is an autobiographical tale of an academically oriented Harvard couple who conceive a baby with Down's syndrome and decide to carry him to term. Despite everything Martha Beck and her husband John know about themselves and their belief system, when Martha gets accidentally pregnant and the fetus is discovered to have Down's syndrome, the Becks find they cannot even consider abortion. The presence of the fetus that they each, privately, believe is a familiar being named Adam is too strong. As Martha's terribly difficult pregnancy progresses, odd coincidences and paranormal experiences begin to occur for both Martha and John, though for months they don't share them with each other. Martha's pregnancy and Adam (once born) become the catalyst for tremendous life changes for the Becks.
Focusing primarily on the pregnancy but floating back and forth between the present and recent and distant past, Martha Beck's well-written, down-to-earth, funny, heart-rending, and tender book transcends the cloying tone of much spiritual literature. Beck is trained as a methodical academician. Because of her step-by-step explanation of her own progress from doubt to belief, she feels like a reliable witness, and even the most skeptical readers may begin to doubt their senses. When she describes an out-of-body experience, we, too, feel ourselves transported to a pungent, noisy hawker center in Singapore. We, too, feel calming, invisible, supporting hands when she falls. Yet, whether or not readers believe in Beck's experiences is ultimately a moot point. There is no doubt that Adam--a boy who sees the world as a series of connections between people who love each other--is a tremendous gift to Beck, her family, and all who have the honor of knowing him. --Ericka Lutz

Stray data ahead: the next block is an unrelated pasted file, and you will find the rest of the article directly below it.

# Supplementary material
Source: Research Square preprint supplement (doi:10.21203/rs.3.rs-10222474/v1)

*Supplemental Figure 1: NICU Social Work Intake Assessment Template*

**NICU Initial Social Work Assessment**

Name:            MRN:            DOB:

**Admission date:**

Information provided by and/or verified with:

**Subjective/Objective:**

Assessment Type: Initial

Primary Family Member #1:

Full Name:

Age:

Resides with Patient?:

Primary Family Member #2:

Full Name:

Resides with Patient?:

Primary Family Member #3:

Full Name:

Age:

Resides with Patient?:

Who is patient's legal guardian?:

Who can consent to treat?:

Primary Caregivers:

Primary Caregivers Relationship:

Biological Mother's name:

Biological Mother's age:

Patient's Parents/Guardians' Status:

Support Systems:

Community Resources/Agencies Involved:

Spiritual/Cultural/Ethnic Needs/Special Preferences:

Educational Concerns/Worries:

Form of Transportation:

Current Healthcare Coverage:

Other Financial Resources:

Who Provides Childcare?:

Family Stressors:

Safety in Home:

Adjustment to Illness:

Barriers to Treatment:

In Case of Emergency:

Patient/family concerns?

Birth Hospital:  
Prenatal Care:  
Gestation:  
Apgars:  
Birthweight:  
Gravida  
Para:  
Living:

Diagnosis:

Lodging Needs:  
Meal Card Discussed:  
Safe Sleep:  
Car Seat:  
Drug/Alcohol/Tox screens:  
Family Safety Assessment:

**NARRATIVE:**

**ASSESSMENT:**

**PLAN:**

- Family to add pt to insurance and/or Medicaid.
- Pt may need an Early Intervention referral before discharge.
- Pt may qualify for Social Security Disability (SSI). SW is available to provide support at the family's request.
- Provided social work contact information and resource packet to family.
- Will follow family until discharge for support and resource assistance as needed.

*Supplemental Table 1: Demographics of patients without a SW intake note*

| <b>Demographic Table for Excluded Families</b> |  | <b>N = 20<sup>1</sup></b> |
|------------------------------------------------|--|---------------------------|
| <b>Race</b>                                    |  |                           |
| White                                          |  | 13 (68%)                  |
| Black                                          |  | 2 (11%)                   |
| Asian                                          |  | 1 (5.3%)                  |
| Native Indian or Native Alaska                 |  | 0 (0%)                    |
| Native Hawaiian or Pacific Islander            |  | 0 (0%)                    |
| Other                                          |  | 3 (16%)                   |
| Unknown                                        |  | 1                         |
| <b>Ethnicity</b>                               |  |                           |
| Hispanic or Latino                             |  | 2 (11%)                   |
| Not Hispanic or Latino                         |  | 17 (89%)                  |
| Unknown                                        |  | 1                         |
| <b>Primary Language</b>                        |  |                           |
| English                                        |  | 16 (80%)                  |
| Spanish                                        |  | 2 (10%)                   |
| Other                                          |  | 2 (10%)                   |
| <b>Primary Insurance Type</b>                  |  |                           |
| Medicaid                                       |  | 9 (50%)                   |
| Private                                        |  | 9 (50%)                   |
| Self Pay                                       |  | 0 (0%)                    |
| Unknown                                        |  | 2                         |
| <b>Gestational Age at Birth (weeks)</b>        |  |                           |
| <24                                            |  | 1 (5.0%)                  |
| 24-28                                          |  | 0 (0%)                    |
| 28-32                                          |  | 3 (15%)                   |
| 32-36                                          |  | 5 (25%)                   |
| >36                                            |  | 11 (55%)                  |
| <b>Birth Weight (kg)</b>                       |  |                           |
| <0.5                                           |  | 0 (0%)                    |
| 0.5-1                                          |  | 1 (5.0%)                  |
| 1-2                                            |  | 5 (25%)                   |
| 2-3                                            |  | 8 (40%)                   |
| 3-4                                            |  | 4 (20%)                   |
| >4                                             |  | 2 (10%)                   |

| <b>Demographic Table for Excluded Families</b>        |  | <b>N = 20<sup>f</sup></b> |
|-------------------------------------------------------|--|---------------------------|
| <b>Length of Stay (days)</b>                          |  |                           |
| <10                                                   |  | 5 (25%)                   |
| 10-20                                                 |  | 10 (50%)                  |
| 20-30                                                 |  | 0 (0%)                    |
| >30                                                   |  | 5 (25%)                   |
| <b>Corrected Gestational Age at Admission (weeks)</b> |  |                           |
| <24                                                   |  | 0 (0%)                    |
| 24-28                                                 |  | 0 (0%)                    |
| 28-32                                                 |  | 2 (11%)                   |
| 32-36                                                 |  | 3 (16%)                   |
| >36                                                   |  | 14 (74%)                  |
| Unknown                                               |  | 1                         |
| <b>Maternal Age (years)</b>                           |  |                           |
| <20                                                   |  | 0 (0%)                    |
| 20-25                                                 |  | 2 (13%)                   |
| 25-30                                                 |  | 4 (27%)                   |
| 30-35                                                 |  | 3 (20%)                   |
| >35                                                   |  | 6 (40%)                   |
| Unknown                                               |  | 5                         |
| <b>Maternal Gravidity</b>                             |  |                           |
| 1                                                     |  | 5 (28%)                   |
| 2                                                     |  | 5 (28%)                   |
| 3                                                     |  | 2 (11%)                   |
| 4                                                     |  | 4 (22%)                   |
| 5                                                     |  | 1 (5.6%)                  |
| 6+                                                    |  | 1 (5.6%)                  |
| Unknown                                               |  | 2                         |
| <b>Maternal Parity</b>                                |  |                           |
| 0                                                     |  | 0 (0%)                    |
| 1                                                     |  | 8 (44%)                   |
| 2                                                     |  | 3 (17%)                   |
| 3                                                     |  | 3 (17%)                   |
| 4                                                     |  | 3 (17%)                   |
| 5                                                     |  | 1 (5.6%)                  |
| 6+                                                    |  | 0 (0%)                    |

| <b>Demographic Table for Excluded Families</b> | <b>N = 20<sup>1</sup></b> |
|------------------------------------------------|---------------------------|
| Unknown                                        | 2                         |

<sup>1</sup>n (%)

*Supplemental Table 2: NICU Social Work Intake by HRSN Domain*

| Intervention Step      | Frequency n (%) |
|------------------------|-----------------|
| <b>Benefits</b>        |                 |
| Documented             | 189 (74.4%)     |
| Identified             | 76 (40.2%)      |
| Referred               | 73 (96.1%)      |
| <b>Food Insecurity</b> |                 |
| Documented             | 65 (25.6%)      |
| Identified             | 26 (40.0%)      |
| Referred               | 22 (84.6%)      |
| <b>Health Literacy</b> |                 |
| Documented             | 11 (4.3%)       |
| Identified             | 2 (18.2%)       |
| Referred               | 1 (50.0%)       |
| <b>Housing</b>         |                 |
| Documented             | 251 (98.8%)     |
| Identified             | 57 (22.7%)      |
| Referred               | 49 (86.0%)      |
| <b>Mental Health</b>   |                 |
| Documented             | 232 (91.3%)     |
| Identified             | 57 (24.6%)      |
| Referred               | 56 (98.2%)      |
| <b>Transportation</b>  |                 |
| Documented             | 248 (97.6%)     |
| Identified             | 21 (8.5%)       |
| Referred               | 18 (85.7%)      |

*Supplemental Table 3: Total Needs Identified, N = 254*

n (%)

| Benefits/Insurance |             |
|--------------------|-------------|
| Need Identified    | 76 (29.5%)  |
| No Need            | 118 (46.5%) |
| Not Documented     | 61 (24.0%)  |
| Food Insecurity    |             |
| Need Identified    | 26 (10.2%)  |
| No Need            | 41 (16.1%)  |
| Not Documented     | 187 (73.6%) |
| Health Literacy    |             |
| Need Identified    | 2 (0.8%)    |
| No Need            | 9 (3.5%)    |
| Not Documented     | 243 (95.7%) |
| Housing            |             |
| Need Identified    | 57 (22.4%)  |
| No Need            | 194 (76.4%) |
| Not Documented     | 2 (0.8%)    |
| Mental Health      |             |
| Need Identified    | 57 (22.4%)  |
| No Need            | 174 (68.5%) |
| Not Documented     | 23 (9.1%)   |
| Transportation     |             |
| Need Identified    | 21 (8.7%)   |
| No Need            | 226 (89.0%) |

From Kirkus Reviews
Wickedly funny and wrenchingly sad memoirs of a young mother awaiting the birth of a Down syndrome baby while simultaneously pursuing a doctorate at Harvard. Sociologist Beck, now a columnist for Mademoiselle and a regular on the television show Good Day Arizona, became pregnant with her second child in September 1987, a time she and her husband now refer to as ``the month It All Went To Hell.'' To put it mildly, the unexpected pregnancy complicated their busy lives and academic careers. At the time, Beck kept a voluminous and detailed journal of her thoughts, conversations, and experiences, which provided the basis for these memoirs. Early in the pregnancy, Beck began having paranormal experiences that took auditory, visual, and tactile form. In what she refers to as ``the Seeing Thing,'' she would see brief, vivid images of where her husband was on his frequent trips to Asia. Calming voices spoke to her (and to her husband) in times of stress, and invisible helpers rescued her and her young daughter from a burning building. A Mormon turned atheist, Beck cannot explain the presence of comforting spiritual beings during her pregnancy, but she accepts them as real. Once Adam was delivered, she no longer felt ``like the focus of all that magic.'' Adam himself became the source of magic in her life, teaching her values unlike those she had learned at Harvard. In her son she sees wisdom, beauty, and a way of looking at the world that is astonishing and joyous. Besides a sense of humor that pokes as much fun at herself as anyone, Beck has both a sharp eye and a sharp tongue. Her portraits of Harvard academics, omniscient doctors, and uptight in-laws are priceless. Even skeptics will find magic in this story, and parents of a Down syndrome child will cherish it. -- Copyright ©1998, Kirkus Associates, LP. All rights reserved.